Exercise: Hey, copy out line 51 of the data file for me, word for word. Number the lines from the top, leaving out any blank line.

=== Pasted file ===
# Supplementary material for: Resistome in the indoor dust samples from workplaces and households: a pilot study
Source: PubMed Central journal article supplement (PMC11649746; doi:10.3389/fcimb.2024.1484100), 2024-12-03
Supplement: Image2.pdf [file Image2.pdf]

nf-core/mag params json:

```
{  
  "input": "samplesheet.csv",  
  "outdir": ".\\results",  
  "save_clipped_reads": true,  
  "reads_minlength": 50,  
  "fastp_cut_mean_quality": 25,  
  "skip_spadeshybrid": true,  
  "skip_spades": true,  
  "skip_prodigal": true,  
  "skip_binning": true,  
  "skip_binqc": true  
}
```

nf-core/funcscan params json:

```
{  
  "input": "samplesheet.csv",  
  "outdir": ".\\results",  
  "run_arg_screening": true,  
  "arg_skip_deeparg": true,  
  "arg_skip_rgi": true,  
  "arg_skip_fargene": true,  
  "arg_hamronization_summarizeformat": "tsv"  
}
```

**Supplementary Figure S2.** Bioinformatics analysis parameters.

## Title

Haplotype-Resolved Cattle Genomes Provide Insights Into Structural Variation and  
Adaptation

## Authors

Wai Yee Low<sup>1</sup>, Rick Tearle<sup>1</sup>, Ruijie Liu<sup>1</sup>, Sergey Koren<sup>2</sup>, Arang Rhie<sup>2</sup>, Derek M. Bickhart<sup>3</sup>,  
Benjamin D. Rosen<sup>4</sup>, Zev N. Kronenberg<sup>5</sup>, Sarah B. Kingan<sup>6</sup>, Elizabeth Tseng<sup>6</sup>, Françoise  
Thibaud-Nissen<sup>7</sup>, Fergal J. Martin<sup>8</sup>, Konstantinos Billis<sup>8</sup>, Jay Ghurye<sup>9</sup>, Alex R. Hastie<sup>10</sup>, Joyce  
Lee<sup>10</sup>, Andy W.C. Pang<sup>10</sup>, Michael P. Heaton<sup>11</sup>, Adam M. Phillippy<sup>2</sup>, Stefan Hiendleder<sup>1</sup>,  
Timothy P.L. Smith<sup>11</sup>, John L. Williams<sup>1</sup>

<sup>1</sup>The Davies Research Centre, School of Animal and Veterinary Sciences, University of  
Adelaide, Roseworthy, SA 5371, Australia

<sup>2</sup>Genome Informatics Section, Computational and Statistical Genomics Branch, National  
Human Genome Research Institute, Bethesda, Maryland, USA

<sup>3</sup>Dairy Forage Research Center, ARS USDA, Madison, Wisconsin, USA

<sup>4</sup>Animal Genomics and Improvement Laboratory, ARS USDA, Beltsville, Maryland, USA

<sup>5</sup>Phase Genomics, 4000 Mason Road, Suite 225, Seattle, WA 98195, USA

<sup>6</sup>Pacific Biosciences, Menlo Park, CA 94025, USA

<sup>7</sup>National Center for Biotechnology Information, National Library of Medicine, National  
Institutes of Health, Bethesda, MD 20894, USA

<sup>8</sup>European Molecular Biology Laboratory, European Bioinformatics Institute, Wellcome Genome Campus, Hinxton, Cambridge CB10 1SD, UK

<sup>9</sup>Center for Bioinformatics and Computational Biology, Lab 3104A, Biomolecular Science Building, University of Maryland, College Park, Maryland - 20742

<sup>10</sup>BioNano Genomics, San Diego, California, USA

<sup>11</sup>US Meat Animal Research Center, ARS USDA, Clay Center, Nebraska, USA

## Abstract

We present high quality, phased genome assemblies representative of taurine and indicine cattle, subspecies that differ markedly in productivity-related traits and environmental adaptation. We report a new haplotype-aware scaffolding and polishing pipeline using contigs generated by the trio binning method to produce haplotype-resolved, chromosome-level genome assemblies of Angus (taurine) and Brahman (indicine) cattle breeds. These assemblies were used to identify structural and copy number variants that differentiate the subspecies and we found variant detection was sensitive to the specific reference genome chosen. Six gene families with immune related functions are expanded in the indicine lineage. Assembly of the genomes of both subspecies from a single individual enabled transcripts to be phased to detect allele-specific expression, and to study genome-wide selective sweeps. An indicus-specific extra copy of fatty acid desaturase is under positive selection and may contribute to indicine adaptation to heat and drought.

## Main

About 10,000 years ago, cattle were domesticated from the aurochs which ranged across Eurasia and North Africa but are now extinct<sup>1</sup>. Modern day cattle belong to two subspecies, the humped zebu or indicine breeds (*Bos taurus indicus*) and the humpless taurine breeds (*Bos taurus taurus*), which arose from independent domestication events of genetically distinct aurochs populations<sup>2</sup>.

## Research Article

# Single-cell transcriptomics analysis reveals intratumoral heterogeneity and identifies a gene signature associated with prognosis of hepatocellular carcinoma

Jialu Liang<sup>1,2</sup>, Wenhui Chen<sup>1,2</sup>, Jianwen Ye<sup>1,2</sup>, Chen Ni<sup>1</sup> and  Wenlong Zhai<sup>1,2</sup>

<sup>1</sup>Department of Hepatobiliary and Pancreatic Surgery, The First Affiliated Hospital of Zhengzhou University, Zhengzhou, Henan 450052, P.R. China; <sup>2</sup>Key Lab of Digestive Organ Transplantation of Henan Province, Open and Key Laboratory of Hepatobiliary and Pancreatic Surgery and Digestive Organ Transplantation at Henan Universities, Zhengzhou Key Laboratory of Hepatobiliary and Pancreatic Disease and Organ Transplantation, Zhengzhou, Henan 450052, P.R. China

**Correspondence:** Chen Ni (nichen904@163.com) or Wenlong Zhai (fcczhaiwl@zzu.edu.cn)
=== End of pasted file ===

<sup>8</sup>European Molecular Biology Laboratory, European Bioinformatics Institute, Wellcome Genome Campus, Hinxton, Cambridge CB10 1SD, UK